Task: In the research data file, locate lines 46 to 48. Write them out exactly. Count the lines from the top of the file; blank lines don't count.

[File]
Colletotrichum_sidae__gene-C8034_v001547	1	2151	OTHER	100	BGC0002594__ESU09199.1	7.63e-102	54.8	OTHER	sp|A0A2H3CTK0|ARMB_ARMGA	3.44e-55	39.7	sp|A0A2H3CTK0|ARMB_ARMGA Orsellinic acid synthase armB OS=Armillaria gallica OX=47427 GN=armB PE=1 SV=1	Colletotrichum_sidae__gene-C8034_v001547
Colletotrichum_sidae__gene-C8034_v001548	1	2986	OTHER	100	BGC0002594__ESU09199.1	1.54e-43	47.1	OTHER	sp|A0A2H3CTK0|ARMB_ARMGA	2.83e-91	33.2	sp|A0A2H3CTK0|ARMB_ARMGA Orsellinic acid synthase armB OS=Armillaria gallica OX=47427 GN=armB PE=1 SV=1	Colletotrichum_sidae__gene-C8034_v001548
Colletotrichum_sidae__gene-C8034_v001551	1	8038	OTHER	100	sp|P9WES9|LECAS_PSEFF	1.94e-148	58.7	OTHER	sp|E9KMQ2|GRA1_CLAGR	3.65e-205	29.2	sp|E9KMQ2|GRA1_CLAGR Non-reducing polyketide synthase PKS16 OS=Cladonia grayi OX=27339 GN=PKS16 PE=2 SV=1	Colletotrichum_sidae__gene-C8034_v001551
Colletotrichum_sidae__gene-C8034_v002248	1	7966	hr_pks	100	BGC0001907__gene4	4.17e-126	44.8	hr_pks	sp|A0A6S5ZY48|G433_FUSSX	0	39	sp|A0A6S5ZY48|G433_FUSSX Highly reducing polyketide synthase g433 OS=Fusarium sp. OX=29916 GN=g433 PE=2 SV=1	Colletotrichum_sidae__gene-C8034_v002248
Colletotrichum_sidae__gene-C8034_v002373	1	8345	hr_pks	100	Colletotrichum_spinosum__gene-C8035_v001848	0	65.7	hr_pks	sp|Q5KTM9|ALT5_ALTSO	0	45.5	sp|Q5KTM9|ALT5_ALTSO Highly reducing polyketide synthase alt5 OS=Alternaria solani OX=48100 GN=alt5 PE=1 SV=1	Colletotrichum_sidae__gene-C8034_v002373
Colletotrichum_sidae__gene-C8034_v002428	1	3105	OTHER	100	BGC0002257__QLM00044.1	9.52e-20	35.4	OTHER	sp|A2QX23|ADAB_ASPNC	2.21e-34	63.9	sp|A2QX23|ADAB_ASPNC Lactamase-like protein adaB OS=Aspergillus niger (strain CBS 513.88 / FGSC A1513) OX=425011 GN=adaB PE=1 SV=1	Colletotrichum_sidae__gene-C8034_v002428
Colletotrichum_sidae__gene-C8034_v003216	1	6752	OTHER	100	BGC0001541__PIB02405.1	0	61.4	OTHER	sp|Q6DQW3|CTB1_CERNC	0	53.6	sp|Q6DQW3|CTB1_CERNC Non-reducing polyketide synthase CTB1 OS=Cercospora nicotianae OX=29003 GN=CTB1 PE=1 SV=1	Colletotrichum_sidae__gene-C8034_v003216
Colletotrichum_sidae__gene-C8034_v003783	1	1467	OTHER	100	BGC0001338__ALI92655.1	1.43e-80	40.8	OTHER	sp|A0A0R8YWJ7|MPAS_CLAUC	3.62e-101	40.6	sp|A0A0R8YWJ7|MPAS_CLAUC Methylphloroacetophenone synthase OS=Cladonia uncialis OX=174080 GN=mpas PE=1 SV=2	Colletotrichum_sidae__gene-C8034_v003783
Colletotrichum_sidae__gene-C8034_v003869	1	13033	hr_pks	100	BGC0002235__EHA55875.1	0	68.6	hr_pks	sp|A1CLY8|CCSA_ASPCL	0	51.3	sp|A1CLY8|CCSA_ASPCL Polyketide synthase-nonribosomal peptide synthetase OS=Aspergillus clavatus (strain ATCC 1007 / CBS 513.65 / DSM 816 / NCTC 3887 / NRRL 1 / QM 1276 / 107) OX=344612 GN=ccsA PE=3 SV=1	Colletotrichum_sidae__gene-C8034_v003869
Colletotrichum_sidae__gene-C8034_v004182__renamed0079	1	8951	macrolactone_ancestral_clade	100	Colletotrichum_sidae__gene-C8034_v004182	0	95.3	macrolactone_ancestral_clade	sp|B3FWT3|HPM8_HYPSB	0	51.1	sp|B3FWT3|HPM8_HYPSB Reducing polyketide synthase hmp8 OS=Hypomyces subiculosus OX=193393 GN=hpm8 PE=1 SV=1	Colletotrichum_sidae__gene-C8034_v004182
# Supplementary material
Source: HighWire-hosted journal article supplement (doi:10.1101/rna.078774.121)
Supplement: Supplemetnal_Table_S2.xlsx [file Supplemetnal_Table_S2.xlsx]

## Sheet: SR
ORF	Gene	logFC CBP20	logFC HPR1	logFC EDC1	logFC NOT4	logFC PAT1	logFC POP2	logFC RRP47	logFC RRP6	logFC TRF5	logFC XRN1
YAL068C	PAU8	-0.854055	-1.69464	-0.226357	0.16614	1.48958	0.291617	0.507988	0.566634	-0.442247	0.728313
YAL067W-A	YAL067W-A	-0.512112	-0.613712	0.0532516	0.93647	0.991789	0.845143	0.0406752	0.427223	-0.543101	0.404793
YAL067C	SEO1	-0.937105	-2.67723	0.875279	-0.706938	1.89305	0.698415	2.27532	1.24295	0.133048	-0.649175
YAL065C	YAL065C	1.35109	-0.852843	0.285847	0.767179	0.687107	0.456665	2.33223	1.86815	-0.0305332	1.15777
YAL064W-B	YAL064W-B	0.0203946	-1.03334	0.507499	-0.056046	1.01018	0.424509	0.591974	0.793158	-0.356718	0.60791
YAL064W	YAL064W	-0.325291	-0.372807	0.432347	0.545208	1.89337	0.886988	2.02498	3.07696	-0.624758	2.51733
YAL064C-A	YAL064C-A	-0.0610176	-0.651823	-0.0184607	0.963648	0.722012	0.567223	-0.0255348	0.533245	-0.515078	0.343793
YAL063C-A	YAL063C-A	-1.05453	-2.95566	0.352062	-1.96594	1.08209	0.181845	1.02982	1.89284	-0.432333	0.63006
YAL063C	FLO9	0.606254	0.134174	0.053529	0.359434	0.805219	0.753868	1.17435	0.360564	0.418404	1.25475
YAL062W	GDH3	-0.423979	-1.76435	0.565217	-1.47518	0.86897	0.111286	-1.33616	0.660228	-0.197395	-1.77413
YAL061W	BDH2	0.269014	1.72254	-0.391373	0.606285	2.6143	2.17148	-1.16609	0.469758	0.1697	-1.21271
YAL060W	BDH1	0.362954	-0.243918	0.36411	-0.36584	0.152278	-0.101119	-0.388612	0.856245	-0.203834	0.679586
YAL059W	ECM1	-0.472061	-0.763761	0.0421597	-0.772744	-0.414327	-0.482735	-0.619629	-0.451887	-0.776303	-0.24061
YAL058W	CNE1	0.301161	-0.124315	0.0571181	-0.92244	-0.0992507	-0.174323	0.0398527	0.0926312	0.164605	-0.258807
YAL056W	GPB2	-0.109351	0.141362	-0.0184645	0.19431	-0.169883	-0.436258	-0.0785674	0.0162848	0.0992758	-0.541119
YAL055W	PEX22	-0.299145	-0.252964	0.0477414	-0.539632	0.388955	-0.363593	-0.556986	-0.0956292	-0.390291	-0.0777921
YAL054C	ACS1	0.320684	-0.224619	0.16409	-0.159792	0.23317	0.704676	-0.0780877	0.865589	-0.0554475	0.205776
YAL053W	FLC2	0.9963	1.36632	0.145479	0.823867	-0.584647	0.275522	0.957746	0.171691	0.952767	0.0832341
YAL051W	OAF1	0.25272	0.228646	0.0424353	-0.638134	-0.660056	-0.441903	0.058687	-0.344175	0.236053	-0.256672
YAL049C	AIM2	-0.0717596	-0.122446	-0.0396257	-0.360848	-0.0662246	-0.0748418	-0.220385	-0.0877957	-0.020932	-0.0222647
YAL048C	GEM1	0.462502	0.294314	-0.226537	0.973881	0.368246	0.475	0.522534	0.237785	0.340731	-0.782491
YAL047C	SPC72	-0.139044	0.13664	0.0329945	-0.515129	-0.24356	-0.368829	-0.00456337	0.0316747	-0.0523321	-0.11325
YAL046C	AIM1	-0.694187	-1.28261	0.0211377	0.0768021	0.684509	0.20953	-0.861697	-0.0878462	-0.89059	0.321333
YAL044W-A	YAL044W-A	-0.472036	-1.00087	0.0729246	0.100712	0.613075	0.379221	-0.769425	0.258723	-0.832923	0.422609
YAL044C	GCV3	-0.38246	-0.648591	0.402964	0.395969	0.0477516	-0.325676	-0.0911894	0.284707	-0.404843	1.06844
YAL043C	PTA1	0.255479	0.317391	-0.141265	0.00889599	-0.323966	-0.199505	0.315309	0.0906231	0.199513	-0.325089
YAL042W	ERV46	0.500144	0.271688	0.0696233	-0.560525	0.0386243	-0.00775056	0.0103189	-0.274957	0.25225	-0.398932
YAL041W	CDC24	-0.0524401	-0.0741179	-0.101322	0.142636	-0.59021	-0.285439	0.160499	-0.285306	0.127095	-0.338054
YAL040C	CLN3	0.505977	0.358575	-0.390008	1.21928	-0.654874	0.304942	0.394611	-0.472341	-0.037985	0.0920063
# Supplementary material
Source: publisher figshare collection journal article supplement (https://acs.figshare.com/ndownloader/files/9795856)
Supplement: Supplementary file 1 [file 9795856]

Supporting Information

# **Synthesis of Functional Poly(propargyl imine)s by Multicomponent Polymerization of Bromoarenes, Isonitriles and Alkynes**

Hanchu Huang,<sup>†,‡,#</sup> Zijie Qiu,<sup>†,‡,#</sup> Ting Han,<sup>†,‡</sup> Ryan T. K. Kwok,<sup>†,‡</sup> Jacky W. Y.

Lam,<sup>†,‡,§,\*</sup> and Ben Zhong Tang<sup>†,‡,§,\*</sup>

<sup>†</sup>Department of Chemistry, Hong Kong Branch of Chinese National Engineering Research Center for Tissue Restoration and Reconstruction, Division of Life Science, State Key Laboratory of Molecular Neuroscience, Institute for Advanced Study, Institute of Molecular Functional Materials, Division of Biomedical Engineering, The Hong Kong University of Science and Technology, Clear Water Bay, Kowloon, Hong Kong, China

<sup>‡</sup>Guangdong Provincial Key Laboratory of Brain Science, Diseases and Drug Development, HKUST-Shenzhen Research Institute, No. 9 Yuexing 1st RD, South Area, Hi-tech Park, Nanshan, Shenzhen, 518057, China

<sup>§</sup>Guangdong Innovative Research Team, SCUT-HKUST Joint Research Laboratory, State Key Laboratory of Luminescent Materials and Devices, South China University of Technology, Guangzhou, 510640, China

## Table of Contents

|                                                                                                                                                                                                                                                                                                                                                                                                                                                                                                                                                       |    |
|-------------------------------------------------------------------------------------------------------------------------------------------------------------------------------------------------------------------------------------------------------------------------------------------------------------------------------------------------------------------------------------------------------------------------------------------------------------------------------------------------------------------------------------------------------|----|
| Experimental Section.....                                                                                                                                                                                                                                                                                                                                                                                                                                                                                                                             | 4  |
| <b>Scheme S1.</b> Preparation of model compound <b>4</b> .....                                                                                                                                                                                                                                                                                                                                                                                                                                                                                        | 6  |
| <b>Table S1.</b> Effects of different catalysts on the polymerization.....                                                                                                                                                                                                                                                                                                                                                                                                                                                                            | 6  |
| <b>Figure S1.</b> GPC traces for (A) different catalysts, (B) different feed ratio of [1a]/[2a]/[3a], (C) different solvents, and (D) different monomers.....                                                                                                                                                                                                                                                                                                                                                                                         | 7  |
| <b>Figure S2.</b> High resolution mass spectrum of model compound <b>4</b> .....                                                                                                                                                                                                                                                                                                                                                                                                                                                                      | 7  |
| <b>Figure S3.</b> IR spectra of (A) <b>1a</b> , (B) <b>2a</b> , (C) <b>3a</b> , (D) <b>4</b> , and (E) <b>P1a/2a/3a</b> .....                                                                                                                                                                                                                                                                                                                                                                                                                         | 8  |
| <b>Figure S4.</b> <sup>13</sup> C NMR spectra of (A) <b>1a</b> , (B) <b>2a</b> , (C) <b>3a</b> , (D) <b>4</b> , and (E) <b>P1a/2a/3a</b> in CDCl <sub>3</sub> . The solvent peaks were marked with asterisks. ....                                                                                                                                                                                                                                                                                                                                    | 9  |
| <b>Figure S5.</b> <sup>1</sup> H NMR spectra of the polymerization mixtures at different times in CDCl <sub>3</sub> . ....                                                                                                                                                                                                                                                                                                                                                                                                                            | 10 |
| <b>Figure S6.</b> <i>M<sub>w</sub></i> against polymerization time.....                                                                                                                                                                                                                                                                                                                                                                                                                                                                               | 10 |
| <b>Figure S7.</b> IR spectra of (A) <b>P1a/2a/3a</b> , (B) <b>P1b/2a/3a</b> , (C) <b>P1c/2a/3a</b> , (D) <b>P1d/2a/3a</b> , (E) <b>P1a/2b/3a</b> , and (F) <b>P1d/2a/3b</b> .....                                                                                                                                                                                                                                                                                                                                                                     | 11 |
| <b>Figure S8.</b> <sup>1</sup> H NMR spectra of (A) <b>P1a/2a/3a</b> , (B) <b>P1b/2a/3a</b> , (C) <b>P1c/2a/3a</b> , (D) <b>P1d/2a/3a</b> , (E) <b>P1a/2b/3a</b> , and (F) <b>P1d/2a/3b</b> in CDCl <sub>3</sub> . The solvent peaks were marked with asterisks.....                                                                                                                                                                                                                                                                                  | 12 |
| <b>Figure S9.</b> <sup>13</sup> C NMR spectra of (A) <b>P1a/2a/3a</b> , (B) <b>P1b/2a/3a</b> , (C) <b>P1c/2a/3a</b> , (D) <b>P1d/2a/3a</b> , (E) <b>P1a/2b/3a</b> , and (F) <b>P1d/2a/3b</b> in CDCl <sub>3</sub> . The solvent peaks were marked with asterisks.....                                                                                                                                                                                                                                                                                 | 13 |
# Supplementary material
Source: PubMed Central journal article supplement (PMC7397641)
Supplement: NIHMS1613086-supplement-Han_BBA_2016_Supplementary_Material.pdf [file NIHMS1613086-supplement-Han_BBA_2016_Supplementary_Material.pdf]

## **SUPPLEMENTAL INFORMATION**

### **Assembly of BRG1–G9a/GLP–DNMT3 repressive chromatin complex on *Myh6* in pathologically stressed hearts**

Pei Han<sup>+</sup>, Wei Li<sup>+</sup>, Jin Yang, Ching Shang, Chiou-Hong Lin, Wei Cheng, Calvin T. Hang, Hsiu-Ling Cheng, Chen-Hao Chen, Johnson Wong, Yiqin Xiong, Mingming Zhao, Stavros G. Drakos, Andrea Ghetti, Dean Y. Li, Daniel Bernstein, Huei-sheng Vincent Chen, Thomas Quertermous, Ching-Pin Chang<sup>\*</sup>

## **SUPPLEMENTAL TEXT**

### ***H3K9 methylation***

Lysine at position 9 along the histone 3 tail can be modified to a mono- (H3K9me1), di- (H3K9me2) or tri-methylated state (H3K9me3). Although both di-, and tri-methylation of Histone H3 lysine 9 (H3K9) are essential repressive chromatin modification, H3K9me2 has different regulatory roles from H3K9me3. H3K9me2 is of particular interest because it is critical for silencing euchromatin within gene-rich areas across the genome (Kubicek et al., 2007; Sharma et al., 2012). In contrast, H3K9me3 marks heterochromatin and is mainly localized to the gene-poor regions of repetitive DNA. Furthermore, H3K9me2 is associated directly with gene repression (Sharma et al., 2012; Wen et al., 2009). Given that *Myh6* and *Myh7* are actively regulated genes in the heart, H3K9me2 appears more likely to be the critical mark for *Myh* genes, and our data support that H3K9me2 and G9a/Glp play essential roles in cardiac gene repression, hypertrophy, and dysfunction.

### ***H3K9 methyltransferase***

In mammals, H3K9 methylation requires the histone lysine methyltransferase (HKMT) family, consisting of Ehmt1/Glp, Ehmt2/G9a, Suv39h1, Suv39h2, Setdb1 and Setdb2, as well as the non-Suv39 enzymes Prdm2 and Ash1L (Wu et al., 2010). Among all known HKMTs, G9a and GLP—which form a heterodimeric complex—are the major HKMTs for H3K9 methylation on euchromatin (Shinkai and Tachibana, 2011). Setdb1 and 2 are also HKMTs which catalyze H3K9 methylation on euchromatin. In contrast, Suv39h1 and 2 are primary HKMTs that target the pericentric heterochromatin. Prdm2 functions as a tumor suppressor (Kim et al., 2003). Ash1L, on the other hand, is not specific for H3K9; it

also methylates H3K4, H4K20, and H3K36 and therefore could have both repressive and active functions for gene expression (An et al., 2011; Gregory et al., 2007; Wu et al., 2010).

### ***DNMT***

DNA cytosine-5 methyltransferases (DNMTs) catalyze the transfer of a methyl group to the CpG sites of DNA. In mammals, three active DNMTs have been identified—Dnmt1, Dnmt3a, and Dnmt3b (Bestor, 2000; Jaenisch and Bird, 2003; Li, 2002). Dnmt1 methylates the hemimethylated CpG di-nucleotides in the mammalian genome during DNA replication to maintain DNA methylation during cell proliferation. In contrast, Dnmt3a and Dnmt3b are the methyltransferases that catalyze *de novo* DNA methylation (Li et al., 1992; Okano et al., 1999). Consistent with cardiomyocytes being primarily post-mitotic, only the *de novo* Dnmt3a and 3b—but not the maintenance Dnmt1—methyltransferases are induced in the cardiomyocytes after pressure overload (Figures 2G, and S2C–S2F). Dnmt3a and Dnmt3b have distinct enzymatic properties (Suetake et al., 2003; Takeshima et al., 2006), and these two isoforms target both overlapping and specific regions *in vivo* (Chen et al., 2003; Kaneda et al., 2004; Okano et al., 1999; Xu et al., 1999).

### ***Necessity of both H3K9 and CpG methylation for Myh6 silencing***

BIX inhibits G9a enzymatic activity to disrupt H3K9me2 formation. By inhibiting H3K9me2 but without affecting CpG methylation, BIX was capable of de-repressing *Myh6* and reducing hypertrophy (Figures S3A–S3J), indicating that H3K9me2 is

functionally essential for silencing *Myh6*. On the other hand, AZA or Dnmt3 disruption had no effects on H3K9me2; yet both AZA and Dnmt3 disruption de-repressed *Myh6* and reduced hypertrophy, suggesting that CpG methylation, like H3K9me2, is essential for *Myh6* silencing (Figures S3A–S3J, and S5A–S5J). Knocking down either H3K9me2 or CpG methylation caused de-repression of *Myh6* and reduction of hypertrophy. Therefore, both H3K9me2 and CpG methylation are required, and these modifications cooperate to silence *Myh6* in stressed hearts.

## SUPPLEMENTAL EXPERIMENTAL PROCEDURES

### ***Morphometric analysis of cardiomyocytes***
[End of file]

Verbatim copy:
Source: publisher figshare collection journal article supplement (https://acs.figshare.com/ndownloader/files/9795856)
Supplement: Supplementary file 1 [file 9795856]

Supporting Information